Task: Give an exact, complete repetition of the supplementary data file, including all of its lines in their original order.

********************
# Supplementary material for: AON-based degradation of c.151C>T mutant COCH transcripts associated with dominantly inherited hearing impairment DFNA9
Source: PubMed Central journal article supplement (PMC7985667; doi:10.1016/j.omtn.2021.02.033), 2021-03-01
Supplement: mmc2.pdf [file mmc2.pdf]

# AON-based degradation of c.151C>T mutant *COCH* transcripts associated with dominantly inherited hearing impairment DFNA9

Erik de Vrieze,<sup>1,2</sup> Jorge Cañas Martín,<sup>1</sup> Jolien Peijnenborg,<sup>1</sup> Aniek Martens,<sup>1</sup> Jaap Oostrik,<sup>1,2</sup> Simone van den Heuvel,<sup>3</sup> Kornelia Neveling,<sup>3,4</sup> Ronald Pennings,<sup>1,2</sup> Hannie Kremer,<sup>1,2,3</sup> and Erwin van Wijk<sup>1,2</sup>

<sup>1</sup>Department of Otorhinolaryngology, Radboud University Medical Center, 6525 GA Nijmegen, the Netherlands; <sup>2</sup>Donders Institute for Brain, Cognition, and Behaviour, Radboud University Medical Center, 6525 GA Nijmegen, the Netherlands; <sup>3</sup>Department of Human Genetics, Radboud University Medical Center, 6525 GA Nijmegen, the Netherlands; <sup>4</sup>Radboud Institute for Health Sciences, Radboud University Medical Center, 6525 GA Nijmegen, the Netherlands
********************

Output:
# Supplementary material for: AON-based degradation of c.151C>T mutant COCH transcripts associated with dominantly inherited hearing impairment DFNA9
Source: PubMed Central journal article supplement (PMC7985667; doi:10.1016/j.omtn.2021.02.033), 2021-03-01
Supplement: mmc2.pdf [file mmc2.pdf]

# AON-based degradation of c.151C>T mutant *COCH* transcripts associated with dominantly inherited hearing impairment DFNA9

Erik de Vrieze,<sup>1,2</sup> Jorge Cañas Martín,<sup>1</sup> Jolien Peijnenborg,<sup>1</sup> Aniek Martens,<sup>1</sup> Jaap Oostrik,<sup>1,2</sup> Simone van den Heuvel,<sup>3</sup> Kornelia Neveling,<sup>3,4</sup> Ronald Pennings,<sup>1,2</sup> Hannie Kremer,<sup>1,2,3</sup> and Erwin van Wijk<sup>1,2</sup>

<sup>1</sup>Department of Otorhinolaryngology, Radboud University Medical Center, 6525 GA Nijmegen, the Netherlands; <sup>2</sup>Donders Institute for Brain, Cognition, and Behaviour, Radboud University Medical Center, 6525 GA Nijmegen, the Netherlands; <sup>3</sup>Department of Human Genetics, Radboud University Medical Center, 6525 GA Nijmegen, the Netherlands; <sup>4</sup>Radboud Institute for Health Sciences, Radboud University Medical Center, 6525 GA Nijmegen, the Netherlands